The art of reading should be acquired from class-books appropriate to an industrial school. Besides the class-book for the more advanced scholars on cottage economy, the earlier reading lessons might contribute instruction adapted to the condition of a class emerging from slavery or barbarism.

The lessons on writing and arithmetic, as has been before observed, ought to be brought into daily practical use in the employment of the scholars. Nothing is learned so soon or retained so surely as knowledge the practical relation of which is perceived.

The scholars should thus be taught to write from dictation, as an exercise of memory, and of spelling and punctuation, as well as of writing.

They should be gradually trained in the composition of simple letters on the business of the school, the garden, or kitchen; and exercised in writing abstracts of oral lessons from memory. . The power of writing on the actual events and business of their future lives would thus be acquired.

Within these limits the instruction of the coloured races, combined with a systematic training in industry, cannot fail to raise the population to a condition of improved comfort; but it will also give such habits of steady industry to a settled and thriving peasantry as may in time develop the elements of a native middle class. This would probably be a consequence of an education within these limits; but if this were accomplished, and time permitted further instruction, an acquaintance might be sought with the art of drawing plans, and those of land-surveying and levelling. Some instruction in geography also would enable them better to understand the Scriptures, and the connection of the colony with the mother country.

The master and mistress should be assisted by apprentices, whose number should be proportioned to the size of the schools. These apprentices should be chosen from the most proficient and best-conducted scholars, who are also likely to have an example set them by their parents in harmony with their education. At the age of thirteen they should be bound by agreement for six years, and might receive in lieu of stipend a quantity of the garden produce sufficient to induce their parents cheerfully to consent to their employment in the school. Careful separate instruction should be given them by the master, at a period daily set apart for the purpose, and they should be furnished with books, as means of self-education.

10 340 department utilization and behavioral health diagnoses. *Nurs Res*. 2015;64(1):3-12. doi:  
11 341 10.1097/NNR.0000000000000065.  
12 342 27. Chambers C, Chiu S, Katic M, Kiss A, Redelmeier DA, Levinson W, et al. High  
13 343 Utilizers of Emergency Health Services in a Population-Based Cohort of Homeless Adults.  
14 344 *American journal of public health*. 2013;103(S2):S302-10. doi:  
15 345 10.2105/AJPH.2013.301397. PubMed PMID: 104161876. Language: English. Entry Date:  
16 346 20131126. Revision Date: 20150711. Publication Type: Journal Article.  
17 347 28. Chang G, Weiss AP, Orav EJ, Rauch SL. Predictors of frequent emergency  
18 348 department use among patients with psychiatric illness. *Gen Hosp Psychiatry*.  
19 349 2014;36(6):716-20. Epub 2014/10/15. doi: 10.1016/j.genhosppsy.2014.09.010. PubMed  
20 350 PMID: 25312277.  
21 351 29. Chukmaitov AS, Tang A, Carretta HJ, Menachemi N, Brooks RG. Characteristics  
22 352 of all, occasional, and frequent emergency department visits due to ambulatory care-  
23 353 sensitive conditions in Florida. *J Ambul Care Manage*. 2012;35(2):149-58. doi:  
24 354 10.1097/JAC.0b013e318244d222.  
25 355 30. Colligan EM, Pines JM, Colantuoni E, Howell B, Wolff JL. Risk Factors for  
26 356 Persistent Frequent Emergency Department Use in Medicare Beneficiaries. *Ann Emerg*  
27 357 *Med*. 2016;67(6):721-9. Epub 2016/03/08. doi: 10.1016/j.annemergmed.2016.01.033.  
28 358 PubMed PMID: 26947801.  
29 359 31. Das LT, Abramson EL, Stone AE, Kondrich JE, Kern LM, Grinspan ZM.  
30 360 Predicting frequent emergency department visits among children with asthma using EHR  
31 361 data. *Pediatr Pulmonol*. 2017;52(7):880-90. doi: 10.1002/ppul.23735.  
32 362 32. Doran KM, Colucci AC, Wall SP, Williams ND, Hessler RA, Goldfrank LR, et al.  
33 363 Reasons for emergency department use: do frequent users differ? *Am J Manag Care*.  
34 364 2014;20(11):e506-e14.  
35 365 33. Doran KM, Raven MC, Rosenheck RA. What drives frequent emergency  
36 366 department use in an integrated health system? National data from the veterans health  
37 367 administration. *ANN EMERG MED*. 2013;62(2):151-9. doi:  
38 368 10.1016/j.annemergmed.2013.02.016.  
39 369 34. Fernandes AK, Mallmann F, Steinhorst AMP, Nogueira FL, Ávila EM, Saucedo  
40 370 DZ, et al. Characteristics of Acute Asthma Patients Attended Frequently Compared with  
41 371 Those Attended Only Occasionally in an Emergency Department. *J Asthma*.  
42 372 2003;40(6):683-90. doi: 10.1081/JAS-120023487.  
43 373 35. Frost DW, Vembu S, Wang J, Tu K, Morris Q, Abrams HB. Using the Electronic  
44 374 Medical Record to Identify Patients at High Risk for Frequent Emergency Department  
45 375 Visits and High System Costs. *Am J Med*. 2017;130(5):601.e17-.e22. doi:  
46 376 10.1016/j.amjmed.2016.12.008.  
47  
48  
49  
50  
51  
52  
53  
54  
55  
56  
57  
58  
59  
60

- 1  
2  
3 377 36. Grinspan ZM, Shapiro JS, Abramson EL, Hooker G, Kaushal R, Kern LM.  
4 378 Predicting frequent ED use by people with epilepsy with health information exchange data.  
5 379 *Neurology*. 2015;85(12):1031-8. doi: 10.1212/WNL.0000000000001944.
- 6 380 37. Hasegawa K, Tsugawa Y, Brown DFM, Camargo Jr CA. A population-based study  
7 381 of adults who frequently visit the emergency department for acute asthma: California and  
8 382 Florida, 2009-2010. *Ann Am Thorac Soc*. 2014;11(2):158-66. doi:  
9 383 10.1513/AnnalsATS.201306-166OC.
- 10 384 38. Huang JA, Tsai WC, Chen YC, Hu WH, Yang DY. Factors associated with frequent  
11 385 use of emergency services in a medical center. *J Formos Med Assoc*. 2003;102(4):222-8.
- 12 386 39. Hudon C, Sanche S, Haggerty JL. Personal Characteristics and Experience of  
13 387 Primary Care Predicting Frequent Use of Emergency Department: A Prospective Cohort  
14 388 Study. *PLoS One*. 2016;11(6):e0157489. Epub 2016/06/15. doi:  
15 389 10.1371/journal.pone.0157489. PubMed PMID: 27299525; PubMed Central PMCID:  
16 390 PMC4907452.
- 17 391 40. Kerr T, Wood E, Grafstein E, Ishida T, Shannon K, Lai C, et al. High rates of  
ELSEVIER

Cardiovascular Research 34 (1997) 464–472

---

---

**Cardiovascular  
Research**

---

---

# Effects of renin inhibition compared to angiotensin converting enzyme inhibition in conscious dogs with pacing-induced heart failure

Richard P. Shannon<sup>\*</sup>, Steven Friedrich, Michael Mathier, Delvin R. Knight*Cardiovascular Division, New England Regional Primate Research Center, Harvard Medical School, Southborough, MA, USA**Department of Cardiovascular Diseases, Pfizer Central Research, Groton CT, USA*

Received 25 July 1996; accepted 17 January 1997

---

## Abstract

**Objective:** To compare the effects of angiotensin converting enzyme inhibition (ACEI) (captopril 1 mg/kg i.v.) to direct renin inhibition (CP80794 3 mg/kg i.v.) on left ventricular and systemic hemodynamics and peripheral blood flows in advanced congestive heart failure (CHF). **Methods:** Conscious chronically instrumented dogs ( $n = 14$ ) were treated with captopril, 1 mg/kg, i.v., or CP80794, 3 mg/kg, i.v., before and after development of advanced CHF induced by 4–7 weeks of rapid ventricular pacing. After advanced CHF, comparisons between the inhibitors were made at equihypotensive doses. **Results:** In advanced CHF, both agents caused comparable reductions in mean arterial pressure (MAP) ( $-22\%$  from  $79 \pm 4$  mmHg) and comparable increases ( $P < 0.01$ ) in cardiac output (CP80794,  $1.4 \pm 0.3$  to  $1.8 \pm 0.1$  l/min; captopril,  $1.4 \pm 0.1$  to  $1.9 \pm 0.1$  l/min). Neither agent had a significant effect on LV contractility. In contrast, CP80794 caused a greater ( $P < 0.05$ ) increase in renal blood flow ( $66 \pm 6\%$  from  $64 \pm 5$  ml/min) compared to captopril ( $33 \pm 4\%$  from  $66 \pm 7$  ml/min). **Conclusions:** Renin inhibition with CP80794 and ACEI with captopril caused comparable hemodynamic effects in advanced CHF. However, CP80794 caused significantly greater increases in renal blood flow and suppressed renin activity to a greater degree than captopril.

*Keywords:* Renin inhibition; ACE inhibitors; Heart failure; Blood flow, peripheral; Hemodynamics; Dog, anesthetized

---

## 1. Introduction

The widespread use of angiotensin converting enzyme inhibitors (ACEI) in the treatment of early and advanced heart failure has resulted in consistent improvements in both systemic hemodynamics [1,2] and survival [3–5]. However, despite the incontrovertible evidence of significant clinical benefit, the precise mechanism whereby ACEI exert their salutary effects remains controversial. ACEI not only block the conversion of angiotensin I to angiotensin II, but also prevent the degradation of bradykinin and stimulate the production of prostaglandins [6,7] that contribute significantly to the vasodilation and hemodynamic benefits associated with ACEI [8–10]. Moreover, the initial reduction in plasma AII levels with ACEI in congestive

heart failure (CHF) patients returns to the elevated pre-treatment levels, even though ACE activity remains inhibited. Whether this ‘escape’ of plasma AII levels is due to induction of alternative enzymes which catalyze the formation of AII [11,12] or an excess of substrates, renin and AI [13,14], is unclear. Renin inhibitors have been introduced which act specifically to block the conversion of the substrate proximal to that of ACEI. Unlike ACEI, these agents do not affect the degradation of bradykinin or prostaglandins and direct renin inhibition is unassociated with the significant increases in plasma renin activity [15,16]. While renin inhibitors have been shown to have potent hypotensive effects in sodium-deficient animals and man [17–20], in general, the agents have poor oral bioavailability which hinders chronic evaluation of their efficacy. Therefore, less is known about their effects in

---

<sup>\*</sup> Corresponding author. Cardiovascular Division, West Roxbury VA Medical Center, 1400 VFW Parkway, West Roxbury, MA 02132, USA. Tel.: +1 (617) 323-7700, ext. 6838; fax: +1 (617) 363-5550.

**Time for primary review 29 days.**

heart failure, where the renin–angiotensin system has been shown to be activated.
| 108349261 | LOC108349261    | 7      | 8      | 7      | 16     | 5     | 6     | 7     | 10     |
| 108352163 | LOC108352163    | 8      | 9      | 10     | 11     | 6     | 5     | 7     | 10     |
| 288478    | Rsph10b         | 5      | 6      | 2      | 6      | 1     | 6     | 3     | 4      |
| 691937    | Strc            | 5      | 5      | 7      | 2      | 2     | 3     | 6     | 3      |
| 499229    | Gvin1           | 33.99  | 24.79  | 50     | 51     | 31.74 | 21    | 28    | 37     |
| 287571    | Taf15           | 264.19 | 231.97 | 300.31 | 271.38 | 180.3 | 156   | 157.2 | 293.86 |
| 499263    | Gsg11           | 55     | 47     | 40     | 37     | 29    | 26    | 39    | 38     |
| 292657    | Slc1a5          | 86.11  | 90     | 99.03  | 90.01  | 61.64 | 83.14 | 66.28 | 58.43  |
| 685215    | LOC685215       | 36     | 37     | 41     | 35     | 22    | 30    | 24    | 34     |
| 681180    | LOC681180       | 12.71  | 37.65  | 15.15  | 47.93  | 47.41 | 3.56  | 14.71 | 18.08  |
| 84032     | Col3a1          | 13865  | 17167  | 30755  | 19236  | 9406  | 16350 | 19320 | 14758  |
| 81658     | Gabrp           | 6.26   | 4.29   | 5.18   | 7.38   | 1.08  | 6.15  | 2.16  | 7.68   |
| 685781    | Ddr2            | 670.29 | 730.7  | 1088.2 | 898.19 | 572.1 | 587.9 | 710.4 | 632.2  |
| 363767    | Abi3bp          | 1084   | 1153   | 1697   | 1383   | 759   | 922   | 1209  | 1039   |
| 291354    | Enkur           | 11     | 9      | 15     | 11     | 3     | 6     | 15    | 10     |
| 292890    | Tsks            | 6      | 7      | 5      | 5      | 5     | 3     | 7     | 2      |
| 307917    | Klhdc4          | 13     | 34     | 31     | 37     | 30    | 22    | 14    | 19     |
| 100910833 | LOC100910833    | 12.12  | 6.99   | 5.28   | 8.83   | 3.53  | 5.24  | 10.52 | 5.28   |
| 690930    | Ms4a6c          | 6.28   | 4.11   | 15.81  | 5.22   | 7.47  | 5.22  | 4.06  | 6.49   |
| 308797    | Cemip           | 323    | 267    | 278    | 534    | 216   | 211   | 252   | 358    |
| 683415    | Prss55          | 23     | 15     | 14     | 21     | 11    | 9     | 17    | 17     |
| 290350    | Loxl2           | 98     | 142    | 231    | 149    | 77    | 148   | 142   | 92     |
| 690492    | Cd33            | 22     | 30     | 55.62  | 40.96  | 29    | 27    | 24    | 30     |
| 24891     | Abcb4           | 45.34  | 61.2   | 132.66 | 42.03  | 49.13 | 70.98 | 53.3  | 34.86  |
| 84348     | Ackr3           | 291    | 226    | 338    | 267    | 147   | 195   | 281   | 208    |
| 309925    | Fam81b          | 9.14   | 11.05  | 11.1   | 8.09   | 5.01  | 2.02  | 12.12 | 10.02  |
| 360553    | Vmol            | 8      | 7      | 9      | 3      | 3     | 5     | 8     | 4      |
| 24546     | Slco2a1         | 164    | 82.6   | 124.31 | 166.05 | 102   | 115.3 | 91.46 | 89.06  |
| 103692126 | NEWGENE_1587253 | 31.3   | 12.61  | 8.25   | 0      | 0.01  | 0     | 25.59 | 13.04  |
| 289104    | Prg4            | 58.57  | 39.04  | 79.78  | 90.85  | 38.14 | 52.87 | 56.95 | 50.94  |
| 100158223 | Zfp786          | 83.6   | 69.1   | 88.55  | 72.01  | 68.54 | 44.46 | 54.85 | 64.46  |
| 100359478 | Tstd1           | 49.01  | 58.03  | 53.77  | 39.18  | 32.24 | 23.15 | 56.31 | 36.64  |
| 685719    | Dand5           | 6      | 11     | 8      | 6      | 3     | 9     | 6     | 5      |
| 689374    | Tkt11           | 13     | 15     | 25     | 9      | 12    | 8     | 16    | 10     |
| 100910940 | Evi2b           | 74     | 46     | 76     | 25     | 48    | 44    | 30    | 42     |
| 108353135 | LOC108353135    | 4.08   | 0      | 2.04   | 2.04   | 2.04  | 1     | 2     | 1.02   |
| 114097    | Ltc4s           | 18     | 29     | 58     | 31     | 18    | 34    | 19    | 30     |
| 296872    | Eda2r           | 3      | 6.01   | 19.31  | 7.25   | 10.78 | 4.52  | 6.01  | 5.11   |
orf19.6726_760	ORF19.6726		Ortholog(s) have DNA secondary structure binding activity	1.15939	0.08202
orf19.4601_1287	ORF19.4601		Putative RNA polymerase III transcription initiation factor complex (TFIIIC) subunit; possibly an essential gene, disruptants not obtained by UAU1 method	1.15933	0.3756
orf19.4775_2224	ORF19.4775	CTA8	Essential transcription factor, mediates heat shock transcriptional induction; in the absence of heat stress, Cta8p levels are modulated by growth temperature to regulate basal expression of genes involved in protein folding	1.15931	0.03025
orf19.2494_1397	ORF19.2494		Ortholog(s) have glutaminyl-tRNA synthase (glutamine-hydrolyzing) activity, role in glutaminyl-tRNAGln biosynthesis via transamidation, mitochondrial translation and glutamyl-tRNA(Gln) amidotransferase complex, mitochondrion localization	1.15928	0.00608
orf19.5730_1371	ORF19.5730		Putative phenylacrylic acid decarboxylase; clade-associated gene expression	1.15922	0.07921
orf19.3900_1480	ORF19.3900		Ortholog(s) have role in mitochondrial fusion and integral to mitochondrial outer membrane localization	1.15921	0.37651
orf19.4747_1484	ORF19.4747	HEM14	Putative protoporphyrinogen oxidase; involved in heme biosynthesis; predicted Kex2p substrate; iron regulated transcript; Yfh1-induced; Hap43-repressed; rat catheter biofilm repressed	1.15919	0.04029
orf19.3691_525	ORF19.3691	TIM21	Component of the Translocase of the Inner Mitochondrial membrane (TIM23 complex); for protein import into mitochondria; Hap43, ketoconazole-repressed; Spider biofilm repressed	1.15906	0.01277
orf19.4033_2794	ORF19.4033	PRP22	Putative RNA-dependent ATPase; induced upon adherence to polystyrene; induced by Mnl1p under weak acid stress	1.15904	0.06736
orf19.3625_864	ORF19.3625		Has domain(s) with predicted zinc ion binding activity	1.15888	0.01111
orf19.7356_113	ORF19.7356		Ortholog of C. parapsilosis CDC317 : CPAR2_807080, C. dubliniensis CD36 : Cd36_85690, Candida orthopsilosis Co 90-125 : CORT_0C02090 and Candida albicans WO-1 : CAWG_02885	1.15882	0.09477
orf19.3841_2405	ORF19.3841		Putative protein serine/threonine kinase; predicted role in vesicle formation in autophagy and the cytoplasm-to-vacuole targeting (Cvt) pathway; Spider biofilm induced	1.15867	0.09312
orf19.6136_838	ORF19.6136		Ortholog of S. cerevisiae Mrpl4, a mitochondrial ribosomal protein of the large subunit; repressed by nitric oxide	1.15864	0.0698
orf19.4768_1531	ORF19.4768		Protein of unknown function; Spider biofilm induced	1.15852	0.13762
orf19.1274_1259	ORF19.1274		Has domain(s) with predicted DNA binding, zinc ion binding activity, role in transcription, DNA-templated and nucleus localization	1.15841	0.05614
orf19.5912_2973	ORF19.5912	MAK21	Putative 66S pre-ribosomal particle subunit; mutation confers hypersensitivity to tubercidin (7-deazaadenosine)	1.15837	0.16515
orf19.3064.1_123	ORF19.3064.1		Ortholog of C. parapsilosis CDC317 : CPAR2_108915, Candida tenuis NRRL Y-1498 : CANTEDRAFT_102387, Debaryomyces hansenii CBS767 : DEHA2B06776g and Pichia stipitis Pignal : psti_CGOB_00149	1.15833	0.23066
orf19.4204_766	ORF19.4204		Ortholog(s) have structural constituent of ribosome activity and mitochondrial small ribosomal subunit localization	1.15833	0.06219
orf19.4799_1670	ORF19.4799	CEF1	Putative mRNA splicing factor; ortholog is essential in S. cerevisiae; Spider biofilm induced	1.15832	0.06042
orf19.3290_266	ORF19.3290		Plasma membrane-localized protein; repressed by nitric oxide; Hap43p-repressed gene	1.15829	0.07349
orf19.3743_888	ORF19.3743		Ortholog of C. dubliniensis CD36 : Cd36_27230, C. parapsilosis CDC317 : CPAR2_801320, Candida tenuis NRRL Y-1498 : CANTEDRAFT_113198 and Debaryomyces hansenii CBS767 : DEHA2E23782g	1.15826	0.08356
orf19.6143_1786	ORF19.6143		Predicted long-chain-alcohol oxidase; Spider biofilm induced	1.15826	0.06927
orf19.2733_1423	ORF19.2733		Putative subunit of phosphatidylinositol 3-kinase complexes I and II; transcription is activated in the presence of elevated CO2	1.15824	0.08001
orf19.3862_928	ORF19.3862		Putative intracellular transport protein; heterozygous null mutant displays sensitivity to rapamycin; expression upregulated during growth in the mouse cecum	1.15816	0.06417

With the aid of such apprenticed assistants, the school might be divided into classes varying in size, according to the skill and age of the apprentices, and the number of the scholars. In the early stage of their apprenticeship, it may not be expedient to intrust these youths with the management of a class containing more than twelve children. At the age of sixteen, they might teach sixteen children; and at the age of eighteen, probably twenty children. The master would instruct twentyfour, or thirty, or more children in a class, according to circumstances.

The school, therefore, will be divided into classes of twelve, sixteen, twenty, and twenty-four children.

The Model Farm School may be described with greater brevity, because much that has been said respecting the Day School of Industry is applicable to it.

The Model Farm School is intended for the class of labourers who have accumulated sufficient money to become small farmers, and for the small farmers who, with more knowledge and skill, would be enabled to employ their capital to greater advantage. Its object is to create a thriving, loyal, and religious middle class among the agricultural population. As the process of culture must differ in the various Colonies, it is not possible to give more than general indications respecting it.

As it would be improbable that a sufficient number of scholars could be collected from one neighbourhood, they should be boarders, and the cost of their lodging, maintenance, and in some Colonies also of their instruction, should be defrayed by their parents. The buildings therefore should provide A lofty dormitory divided by partitions, six feet high, into

separate compartments, each containing one bed, and
affording the master the means of overlooking the

room from his own apartment.
A refectory
A kitchen, &c. &c.
Apartments for the master and his assistants.

« ForrigeFortsett »